I’m trying to find an easy way to describe the ‘menschness’ of Jeanne von Hirschberg, but like the woman herself, it’s a multi layered endeavour. A smart business consultant who is as comfortable in the boardrooms of big-ass companies as she is behind the kilns, firing up her beautiful ceramics. She is also a japanese kite afficianado, and has really, truly beautiful handwriting, the type that gets ‘fonted’ if you know what I mean. She will never forget your birthday – and not only that, will make sure that a home-baked cake will find its way to you, even under lockdown level 5. And all of this is happening while managing a few of her own and family-run businesses, two kids under 5, two dogs and finishing a Phd.
Miss Moss and I recently visited the Tamboerskloof home and Deli she shares with her husband and girls, and we chatted to them about life during lockdown, the challenges they faced maintaining their businesses and the best godamn peanut butter bombs you’ve ever tasted in your life.
Photography by Miss Moss
Their Victorian-style home is attached to the Blue Cafe, which has been going for well over a decade. Growing up in the area, Jeanne used to visit ‘die Blou Kafee’ on a daily basis for most of her childhood essentials i.e. Ghost Pops and Gatti lollies. Through the years the cafe has morphed into various personas as it served the needs of a changing community – in the 80’s for example there were arcade games littering the pavement.
Jeanne and Murray approached the ‘then’ owner of the cafe (the Daily Deli as it was known) 6 years ago to make him promise that he would ‘call them first’ if he ever considered selling, and it’s because of that ballsy move that they became the custodians of the home, cafe and neighbourliness that was wrapped up along with it.
Below is the studio / home office where Jeanne creates her cheeky ceramic plates, you can view more here.
The hallway below, with its original Victorian tiles remarkably still in tact. Murray and Jeanne have been renovating the home in stages since they purchased it, initially letting out as an Air Bnb Rental before moving in themselves.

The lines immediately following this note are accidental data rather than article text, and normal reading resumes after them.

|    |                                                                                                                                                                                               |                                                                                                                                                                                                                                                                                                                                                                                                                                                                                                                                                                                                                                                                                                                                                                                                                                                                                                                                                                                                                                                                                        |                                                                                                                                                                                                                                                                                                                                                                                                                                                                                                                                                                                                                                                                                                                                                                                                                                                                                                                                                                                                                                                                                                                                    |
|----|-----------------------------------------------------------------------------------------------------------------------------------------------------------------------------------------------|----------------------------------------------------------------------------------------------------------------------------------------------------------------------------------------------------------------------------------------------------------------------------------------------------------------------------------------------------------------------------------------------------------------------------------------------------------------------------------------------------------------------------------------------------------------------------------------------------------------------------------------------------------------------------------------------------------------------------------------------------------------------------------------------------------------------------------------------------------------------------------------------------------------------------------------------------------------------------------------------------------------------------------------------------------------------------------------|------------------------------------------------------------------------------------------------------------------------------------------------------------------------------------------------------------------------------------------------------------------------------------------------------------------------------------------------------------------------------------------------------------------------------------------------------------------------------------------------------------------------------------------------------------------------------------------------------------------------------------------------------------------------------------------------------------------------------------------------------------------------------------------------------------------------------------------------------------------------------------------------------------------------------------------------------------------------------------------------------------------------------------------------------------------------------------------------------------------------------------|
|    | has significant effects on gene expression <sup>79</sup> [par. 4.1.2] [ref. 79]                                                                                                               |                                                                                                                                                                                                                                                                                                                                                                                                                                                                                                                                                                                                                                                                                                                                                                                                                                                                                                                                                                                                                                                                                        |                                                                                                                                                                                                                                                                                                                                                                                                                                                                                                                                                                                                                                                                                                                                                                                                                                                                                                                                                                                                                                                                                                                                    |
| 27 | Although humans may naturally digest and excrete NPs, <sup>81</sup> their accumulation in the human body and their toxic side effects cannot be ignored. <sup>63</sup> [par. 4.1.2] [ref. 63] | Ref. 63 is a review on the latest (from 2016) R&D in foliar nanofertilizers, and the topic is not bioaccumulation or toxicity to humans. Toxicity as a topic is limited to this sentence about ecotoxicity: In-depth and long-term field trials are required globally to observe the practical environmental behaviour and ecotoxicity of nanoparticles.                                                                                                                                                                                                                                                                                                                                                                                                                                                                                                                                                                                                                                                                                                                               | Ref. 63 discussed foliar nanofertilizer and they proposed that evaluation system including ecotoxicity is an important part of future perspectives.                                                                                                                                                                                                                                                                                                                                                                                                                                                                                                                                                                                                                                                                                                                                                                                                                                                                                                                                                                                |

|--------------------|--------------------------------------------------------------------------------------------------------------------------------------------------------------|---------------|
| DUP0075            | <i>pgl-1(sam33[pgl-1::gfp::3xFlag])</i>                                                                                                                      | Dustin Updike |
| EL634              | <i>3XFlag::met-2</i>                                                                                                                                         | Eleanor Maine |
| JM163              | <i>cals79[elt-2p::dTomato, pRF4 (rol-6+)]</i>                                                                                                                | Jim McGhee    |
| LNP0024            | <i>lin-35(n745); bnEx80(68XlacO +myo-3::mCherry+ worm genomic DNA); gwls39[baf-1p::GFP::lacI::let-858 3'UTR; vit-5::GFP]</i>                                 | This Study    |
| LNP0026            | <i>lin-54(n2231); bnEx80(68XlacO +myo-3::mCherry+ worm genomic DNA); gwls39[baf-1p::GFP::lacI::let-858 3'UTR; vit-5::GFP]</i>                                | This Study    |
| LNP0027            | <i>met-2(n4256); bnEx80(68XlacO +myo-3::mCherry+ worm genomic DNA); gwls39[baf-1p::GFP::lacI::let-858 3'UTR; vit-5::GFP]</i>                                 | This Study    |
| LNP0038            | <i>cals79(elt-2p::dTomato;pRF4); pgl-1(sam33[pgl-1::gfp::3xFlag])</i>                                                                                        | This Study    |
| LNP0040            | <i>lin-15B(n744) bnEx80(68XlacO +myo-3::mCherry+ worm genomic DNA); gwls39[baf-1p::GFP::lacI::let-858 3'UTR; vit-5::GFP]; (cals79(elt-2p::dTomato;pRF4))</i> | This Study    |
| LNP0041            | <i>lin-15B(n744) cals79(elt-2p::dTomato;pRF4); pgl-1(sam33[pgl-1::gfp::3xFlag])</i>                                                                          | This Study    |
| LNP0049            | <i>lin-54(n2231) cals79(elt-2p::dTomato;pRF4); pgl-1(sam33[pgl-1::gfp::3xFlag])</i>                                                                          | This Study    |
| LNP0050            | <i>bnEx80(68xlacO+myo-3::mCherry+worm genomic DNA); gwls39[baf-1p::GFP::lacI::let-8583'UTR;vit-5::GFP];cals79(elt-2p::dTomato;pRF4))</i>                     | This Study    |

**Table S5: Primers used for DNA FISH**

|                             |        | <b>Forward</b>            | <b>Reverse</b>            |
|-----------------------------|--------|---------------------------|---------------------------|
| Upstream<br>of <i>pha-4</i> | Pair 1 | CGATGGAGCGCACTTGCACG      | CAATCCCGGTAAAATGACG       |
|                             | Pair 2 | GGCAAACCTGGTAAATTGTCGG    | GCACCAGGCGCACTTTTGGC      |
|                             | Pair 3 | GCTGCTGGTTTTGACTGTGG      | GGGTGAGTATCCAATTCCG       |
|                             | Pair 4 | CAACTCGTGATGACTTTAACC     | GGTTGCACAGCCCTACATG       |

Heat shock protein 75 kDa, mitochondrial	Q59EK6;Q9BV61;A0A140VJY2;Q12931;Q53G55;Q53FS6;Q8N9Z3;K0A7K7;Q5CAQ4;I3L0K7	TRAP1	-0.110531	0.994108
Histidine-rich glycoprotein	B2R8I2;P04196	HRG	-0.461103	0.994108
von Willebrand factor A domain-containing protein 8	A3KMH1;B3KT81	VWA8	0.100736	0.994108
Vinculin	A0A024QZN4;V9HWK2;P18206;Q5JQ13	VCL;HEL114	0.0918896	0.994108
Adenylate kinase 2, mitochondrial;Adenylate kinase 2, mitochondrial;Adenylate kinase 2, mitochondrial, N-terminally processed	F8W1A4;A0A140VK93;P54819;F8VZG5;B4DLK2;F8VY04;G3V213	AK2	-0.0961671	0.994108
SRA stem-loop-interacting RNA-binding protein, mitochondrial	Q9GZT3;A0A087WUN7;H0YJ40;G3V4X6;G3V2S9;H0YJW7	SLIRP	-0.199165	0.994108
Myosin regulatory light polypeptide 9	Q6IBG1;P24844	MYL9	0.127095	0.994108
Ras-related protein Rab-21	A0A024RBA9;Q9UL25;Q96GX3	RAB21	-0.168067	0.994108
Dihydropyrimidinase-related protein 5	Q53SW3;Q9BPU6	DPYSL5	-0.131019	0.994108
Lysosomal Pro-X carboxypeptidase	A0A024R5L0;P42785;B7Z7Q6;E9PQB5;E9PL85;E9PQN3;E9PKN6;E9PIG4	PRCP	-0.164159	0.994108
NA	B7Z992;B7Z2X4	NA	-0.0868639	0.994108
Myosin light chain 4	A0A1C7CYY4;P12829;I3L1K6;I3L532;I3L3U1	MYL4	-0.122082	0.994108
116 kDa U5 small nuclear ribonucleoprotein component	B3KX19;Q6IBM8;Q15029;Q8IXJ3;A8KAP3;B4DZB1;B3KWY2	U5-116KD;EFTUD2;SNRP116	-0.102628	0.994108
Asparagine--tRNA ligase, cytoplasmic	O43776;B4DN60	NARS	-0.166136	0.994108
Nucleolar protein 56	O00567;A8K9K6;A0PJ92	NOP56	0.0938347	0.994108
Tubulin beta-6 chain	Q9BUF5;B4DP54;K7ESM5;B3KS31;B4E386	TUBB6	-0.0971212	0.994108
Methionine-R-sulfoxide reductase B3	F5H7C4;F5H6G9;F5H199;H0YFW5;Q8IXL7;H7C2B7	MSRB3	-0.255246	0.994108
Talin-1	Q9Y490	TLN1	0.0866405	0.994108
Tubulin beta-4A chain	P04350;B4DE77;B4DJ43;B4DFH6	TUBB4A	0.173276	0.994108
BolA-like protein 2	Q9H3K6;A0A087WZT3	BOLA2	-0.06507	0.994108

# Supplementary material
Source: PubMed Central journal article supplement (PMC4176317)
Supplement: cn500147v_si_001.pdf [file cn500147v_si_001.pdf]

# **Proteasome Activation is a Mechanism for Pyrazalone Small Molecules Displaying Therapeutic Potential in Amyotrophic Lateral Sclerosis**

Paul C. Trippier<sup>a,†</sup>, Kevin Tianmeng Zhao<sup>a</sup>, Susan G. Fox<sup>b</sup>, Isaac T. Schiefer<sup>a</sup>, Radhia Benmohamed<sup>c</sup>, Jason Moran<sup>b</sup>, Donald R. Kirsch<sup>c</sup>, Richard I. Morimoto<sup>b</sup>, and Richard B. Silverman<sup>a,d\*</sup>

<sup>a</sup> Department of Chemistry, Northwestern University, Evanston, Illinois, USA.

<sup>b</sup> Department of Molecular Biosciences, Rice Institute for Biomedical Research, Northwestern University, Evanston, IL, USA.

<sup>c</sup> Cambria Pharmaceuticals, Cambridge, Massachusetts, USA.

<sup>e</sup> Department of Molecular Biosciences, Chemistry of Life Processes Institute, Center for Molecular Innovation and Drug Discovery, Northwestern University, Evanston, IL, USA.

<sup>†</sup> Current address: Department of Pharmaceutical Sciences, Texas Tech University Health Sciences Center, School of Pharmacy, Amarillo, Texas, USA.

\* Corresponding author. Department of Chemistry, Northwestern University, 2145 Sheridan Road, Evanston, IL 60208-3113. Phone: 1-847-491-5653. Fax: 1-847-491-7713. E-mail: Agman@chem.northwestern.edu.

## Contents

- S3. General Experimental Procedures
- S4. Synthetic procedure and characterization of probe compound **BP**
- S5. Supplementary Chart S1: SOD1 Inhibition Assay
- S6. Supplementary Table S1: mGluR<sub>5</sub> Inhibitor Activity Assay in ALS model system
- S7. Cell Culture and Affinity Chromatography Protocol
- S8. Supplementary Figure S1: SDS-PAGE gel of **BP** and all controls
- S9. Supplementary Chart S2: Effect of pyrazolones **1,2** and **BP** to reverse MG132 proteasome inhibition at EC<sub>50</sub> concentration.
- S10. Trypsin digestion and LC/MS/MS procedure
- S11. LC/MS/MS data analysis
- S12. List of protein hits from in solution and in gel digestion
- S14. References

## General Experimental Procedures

In Jeanne’s own words: “the Cafe, with all its flaws and goodness has been going for over 110 years – originally it was a tram-stop with a tuck shop attached to it. I think we are the 5th or 6th family to own it and there is a nice continuity in the unspoken agreement to always keep it a special place of community. In the 70’s, the owner used to advance the young working people some cash in exchange for a post-dated cheque. The 80’s saw the sidewalks filled with arcade style tv game machines with pac-man and mario brothers. The previous owners’ kids used to waiter at the cafe. Today we have some of the original staff that have been here for over two decades. We loved, especially over deep-lockdown, to see how neighbours supported each other – whether it was David the tuna fisherman that went to catch tuna for the whole neighbourhood (and we were the collection point) or whether it was school children supplying us with ginger beer or chocolate brownies; or neighbours knitting hats or trading their lemons for credits on their accounts – or neighbours leaving care-packages for other neighbours at the cafe – the soul of this cafe is the strong neighbour-spirit.”
And to add to bluesy hues of amazingness, there is also en masse, the family’s other business that champions “massage as way of life, and not a luxury” to which I affirm a very strong hellyes.